When Clinton Smith pulled up Aug. 9 to his Cool Springs Road home, he heard his dogs raising hell.
Smith said he has had problems with other dogs coming into the yard and fighting with his dogs.
The Gainesville man grabbed his revolver that he always keeps for protection and clicked it over to the rat shot cartridge, a round with small pellets.
Smith, taking the stand as the last witness in his trial for attempted murder of his girlfriend, Kristina Rosenberg, said he was going to shoot the gun at the other dog. He said he believed that would not hurt the dog from a far range but scare the dogs back to their respective homes.
Smith said he walked toward the house because he was unsure if his girlfriend’s daughter was still there. Rosenberg had a birthday party for her daughter at the house earlier that day.
Day 1: The victim testifies
“All I wanted to do before I shot that gun was go inside and ask if (Rosenberg’s daughter) was still here, because both her and her mama are terrified of guns,” Smith said on the stand in the second day of the trial before Judge Jason Deal in Hall County Superior Court.
Rosenberg testified Monday that she encountered Smith on the porch and moved the gun out of the way, saying she believed her “pulling it down made his hand hit the trigger.”
Smith testified his hand was on the trigger but that he did not pull it. He is facing charges of criminal attempt to commit murder, aggravated battery and aggravated assaultl.
Smith’s voice wavered through many of his answers to defense attorney Rob McNeill, who has attempted to show the gun was unsafe.
Smith said he was not mad at Rosenberg, and he denied either of them was cheating.
Assistant District Attorney Patrick Shuler asked Smith why the dog story never came up in any conversations with law enforcement. Smith said he was never asked.
“All I was concerned about was Kristina,” Smith said. “There was never a point when anybody asked me why I had a gun in my hand that was loaded.”
The prosecution brought a number of witnesses Tuesday, including medical professionals and Hall County Sheriff’s Office Investigator Jerry Phillips, who painted a different picture from the one Rosenberg painted in her testimony the previous day.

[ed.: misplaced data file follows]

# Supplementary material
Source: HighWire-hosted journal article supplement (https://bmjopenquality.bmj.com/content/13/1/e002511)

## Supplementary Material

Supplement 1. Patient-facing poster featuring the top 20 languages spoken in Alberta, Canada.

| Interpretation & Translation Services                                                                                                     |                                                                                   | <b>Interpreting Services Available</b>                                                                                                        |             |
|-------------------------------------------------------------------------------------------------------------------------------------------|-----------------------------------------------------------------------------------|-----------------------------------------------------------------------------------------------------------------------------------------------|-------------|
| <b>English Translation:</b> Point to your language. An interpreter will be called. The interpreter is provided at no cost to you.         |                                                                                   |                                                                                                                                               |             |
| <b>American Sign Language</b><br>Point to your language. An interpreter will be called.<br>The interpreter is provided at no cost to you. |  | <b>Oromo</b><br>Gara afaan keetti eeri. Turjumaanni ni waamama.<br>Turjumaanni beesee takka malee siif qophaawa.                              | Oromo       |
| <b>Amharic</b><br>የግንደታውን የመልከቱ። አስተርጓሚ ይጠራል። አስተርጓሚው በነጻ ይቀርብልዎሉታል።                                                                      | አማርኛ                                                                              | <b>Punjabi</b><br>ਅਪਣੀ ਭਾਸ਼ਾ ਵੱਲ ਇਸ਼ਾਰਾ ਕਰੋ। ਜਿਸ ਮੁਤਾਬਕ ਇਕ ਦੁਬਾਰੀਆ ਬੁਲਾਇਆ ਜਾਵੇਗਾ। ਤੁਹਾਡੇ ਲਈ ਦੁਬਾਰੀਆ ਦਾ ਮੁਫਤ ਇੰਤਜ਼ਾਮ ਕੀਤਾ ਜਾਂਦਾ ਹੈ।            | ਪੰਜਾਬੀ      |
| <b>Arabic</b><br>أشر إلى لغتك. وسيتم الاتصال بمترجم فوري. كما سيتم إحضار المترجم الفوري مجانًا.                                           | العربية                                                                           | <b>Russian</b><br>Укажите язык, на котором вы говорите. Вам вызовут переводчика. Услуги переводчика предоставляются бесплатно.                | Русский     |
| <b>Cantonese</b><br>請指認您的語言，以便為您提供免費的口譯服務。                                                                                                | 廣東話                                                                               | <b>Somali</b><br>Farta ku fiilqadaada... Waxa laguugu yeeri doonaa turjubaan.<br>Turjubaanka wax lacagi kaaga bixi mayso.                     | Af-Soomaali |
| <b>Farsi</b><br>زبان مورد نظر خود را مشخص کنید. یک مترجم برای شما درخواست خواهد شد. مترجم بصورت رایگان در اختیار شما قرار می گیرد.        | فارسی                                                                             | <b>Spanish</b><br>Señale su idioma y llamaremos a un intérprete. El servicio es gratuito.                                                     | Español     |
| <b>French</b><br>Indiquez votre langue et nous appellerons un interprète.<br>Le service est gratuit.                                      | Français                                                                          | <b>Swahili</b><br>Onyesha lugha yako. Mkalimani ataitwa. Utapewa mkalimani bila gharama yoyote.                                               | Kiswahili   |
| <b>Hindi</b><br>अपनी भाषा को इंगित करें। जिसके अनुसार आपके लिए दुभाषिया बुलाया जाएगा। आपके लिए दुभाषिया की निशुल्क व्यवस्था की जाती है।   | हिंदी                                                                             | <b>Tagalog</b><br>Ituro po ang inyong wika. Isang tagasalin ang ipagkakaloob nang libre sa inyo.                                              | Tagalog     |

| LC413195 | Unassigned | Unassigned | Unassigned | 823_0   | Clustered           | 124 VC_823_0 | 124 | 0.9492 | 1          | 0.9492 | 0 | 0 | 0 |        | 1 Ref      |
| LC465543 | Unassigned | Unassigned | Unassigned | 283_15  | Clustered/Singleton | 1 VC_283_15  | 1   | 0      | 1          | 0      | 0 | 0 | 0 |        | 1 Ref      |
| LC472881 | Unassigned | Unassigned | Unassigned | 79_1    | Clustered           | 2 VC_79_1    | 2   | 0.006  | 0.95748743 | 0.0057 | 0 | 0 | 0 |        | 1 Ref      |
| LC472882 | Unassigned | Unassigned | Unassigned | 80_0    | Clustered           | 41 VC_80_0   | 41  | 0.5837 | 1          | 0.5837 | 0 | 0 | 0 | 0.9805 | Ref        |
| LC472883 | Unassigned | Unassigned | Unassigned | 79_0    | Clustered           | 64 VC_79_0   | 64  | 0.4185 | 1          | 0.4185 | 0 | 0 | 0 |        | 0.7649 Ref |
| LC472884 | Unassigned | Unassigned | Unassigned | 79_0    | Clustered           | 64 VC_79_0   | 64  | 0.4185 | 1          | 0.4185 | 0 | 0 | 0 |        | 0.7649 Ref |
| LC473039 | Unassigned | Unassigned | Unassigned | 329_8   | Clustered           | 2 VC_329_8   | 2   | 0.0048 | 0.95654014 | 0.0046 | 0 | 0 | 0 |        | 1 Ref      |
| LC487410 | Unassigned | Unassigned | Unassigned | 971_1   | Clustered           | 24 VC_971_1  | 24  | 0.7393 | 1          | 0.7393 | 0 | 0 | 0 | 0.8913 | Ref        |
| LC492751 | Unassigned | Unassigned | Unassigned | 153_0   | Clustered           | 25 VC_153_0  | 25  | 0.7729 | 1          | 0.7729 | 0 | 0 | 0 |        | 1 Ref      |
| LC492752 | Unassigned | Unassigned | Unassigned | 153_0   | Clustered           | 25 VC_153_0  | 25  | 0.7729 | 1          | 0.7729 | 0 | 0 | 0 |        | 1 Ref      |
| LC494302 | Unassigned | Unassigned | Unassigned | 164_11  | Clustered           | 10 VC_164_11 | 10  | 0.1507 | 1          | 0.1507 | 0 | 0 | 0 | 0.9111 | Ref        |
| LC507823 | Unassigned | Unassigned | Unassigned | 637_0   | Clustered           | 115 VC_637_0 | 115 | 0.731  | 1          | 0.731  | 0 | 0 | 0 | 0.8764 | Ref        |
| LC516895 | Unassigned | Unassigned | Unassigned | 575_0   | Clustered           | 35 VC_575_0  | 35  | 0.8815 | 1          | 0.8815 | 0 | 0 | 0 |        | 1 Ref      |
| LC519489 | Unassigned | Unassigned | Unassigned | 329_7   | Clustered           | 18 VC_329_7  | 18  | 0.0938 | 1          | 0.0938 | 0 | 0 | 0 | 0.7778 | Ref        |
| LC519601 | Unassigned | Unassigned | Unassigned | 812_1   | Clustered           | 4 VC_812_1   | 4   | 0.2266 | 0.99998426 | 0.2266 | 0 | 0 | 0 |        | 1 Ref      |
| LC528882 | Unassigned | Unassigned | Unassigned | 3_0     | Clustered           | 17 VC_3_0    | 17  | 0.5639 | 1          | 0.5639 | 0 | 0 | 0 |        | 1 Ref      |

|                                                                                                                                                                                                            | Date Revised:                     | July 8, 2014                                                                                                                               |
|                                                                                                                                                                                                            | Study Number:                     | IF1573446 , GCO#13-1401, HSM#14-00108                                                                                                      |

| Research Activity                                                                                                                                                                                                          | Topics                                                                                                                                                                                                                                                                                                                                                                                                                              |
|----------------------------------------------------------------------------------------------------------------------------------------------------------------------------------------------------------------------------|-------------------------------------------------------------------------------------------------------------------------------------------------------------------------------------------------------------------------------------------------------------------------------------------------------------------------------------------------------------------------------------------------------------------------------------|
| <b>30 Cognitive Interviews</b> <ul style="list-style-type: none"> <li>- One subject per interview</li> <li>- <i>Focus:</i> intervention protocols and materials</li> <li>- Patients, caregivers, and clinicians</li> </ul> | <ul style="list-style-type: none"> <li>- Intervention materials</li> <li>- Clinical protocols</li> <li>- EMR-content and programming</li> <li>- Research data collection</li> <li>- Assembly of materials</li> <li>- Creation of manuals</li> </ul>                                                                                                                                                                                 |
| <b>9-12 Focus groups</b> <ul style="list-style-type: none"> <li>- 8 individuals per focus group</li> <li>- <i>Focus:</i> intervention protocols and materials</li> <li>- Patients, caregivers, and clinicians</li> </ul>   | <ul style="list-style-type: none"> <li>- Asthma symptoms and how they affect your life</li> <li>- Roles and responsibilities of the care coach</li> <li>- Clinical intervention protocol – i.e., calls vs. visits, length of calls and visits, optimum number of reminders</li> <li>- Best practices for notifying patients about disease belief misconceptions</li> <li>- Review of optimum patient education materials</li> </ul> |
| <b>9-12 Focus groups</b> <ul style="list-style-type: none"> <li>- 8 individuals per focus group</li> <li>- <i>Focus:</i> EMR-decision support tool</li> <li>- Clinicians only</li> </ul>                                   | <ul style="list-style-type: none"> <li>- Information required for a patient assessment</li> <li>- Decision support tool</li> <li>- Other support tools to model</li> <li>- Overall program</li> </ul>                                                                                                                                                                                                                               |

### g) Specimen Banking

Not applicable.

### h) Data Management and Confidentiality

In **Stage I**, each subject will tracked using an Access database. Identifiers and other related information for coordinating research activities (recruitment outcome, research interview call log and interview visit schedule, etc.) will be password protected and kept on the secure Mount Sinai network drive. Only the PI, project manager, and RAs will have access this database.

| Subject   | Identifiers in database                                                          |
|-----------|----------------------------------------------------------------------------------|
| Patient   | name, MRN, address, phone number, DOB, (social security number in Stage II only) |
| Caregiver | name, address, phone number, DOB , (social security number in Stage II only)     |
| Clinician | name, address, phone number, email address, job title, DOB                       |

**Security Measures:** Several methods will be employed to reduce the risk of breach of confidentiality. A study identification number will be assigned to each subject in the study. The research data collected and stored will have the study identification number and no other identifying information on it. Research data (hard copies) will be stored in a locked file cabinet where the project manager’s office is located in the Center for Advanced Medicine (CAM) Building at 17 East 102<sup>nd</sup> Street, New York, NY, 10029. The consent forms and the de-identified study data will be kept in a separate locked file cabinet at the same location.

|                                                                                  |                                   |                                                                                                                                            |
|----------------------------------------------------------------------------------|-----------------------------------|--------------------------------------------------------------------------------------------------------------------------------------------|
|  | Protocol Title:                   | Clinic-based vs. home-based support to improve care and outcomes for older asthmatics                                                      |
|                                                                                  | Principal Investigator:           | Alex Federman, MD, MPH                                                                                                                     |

Multiple witnesses who spoke with Rosenberg in the hospital said the woman was unsure if the shooting was accidental.
Hall County Sheriff’s Office Investigator Richard Sinyard took the stand as Shuler showed test fire videos of the revolver.
Officers hit the hammer of the revolver multiple times with a baton to see if it would come forward and strike the revolver’s firing pin, which would cause the gun to shoot.
The prosecution wanted to demonstrate the gun would not fire without a trigger pull, and the videos showed that the hammer also had to be fully cocked to fire.
Sinyard said the gun was damaged and in poor condition, clarifying that those problems would make the gun less likely to fire.
The investigator said it would take roughly 3.5 pounds of trigger pressure to shoot the gun.
The defense called its own firearms expert in Chris Robinson.
Robinson said he was previously able to perform a trigger pull analysis on the revolver where it took less than a pound of pressure, but he was unable to recreate it in court Tuesday.
“If two people are struggling over this gun, it’s going to go off,” Robinson said. “There’s no doubt about it. So it could have been a complete accident.”
Robinson called the baton strikes on the revolver “completely inappropriate,” saying it was not the proper way to perform that type of test.
Deal asked the jury to return at 9 a.m. Wednesday to hear closing arguments and his instructions before entering deliberations.